Rules-based vs. Optimized

The portfolio construction process is likely where the line in the sand for quantitative approaches is most frequently discovered. In particular, whether a strategy a) constructs its portfolio by ranking names in a universe according to some measure of risk, establishing a cut-off, and implementing a weighting scheme, or b) mathematically optimizes holdings for lower portfolio-level volatility, using estimates of volatility and correlation for each stock.

The former rules-based, or rank-based, method is easier to understand and less opaque, but it may be more vulnerable to concentration risk since it implicitly excludes higher volatility equities and relies too much on the companies with the lowest volatility. The latter optimization approach offers the potential for narrower outcomes and higher risk reduction, but it is more complex and only as good as its covariance estimates. Due to the inclusion of companies that aren’t strictly low volatility due to their attractive correlations with others, the portfolio-optimized approach may also be better equipped to avoid valuation or overcrowding risks.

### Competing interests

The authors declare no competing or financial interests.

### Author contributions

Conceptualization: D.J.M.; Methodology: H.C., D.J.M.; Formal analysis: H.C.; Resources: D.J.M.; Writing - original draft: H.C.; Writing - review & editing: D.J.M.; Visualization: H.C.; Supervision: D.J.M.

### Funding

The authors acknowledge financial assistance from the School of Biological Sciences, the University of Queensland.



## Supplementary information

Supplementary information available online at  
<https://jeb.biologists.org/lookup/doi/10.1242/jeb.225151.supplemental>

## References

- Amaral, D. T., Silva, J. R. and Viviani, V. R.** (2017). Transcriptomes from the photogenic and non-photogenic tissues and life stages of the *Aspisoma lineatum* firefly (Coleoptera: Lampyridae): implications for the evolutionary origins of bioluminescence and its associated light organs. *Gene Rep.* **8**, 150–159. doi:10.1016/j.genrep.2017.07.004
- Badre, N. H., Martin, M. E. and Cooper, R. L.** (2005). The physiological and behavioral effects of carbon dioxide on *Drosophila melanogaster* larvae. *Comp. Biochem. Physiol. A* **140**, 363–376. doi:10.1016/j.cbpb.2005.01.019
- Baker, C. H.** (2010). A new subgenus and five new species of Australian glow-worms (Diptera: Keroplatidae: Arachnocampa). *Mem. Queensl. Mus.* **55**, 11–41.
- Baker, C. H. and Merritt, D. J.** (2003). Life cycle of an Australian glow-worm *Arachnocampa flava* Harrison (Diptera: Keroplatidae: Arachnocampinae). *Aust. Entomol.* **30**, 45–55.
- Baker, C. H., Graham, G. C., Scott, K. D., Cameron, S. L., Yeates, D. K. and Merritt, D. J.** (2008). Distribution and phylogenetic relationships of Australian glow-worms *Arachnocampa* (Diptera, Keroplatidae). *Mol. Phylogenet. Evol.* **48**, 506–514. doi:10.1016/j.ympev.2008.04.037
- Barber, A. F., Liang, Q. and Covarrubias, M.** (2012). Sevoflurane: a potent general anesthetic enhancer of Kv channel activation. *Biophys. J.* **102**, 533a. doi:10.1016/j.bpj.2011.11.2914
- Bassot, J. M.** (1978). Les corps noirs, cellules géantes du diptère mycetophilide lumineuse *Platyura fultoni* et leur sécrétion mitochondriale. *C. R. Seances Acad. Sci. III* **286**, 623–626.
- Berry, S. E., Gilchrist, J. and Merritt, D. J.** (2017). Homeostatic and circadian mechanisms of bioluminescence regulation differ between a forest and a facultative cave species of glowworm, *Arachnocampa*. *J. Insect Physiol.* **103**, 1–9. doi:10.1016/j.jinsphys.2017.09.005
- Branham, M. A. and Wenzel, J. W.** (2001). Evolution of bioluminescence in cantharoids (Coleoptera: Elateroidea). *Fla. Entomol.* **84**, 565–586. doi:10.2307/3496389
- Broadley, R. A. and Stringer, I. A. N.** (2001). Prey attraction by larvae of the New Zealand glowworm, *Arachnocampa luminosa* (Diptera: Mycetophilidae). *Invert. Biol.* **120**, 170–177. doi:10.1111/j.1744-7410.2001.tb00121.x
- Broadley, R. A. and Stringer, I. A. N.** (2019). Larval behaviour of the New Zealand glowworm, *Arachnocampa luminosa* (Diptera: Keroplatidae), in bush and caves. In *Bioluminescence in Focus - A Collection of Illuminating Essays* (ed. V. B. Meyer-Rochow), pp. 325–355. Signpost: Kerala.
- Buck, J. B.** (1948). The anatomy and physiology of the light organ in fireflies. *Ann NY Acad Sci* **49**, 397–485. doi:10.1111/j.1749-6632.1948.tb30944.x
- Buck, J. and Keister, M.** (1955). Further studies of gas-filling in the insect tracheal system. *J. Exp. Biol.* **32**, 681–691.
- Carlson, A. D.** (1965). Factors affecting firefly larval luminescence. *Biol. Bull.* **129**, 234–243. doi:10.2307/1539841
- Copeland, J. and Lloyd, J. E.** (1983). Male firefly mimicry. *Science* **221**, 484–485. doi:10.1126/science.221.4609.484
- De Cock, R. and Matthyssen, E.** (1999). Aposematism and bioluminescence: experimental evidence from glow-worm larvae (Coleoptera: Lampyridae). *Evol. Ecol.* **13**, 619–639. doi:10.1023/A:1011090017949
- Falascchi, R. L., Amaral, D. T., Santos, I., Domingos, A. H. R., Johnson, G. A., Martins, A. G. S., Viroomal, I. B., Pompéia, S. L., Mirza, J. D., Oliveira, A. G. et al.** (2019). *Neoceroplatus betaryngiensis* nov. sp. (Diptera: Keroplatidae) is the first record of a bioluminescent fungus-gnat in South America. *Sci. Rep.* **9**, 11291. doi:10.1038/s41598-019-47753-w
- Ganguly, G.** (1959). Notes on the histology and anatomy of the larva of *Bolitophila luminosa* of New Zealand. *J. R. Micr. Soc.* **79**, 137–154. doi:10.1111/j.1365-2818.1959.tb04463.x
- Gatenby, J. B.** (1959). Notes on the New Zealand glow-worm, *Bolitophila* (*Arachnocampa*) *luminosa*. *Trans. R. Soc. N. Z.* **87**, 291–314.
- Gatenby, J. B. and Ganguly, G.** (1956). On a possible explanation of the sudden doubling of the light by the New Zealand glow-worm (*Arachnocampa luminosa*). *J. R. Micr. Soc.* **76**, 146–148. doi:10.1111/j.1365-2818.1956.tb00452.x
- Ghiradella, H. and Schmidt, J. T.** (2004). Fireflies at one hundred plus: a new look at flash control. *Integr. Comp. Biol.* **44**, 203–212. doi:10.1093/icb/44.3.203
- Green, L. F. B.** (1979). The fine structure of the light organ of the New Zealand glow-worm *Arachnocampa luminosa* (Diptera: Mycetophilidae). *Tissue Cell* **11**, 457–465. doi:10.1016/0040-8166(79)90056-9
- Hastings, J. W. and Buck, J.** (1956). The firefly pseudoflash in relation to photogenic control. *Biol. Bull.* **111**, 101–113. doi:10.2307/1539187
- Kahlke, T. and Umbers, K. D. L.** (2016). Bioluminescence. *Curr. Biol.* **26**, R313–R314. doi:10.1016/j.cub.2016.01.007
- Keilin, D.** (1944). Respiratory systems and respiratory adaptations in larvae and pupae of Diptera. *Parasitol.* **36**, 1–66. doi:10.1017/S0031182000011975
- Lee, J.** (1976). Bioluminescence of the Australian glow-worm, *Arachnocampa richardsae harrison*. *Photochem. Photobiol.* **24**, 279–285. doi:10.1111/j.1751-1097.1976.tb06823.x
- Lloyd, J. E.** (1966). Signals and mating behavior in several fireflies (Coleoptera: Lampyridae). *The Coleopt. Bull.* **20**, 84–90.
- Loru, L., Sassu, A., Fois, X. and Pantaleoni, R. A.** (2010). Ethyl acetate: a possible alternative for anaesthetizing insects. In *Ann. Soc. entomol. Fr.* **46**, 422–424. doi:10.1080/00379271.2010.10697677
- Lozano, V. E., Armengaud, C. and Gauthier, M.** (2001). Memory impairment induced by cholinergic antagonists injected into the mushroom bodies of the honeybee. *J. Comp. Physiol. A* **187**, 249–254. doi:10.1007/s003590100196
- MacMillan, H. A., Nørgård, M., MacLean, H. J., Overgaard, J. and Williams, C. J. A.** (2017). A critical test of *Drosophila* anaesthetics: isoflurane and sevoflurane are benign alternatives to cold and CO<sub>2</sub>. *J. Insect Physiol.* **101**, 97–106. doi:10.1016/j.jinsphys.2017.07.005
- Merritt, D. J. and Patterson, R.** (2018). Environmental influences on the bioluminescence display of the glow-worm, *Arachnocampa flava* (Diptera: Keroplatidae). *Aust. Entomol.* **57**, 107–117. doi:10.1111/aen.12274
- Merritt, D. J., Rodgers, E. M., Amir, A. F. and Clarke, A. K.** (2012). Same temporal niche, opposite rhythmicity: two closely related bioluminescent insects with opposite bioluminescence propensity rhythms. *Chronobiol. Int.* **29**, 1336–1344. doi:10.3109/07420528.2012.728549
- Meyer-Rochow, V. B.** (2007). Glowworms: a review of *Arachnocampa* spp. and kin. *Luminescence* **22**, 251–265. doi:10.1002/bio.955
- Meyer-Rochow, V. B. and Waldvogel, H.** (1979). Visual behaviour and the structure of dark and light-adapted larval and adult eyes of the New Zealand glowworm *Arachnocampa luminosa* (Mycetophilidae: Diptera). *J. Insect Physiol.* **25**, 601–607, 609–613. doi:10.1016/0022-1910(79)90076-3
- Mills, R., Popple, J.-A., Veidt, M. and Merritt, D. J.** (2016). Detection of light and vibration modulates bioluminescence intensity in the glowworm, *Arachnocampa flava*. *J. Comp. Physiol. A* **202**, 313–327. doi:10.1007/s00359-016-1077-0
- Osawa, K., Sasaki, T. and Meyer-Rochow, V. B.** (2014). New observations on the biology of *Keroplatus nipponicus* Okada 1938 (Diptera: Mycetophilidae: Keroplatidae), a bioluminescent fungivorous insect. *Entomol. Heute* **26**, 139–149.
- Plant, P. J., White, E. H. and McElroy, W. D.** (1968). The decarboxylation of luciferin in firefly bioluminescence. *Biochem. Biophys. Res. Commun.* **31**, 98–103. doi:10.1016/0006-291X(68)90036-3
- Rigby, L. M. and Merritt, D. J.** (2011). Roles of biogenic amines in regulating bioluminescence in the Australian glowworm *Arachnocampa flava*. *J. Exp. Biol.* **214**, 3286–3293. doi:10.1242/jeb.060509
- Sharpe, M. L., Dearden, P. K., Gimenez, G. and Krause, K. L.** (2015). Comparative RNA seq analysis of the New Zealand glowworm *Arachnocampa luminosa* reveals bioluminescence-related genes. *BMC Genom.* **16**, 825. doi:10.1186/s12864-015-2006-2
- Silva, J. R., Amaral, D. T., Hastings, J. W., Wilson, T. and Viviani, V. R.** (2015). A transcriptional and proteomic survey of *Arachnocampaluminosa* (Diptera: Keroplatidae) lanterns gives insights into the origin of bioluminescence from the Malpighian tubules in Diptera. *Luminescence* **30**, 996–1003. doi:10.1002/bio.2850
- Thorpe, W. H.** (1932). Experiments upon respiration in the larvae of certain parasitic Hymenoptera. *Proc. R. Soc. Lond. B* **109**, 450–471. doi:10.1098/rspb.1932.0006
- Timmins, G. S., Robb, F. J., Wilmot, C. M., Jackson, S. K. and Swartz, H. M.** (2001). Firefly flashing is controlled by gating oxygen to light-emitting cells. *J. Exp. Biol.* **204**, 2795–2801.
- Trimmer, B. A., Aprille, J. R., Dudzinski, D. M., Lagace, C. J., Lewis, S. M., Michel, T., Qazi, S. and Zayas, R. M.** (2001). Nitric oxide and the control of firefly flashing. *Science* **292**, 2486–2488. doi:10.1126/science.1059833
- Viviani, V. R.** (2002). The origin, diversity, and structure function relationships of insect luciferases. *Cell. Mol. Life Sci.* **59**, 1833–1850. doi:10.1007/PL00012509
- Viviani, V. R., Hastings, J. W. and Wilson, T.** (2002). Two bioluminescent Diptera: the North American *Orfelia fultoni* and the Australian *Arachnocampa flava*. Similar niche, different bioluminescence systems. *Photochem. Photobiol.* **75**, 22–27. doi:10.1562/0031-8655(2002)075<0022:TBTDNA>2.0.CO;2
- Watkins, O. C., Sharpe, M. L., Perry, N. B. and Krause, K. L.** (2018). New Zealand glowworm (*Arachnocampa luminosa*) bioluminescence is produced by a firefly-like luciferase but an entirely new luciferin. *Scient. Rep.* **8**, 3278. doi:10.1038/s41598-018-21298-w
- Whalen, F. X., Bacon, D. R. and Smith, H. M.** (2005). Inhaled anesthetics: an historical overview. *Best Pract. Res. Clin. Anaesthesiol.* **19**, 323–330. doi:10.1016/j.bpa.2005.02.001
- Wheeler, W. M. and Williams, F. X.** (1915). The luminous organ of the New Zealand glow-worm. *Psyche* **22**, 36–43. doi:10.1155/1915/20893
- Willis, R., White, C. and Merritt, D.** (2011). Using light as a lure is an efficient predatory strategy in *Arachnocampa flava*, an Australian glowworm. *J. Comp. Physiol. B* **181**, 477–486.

Both methods need well-conceived and carefully applied constraints, especially the portfolio optimization approach. Optimized strategies require a deft touch to exploit stock correlations for risk reduction while avoiding overexposure to particular sectors or countries, liquidity traps, and high turnover.

Return Expectations

The most typical expectation is for long-term returns to match a cap-weighted index. Outperformance in market downturns is always a part of the performance contours for low volatility strategies. Typically, this is exchanged for trailing cap-weighted index returns during bullish periods. There are some low volatility strategies, however, that also attempt to outperform capitalization-weighted indexes in up markets.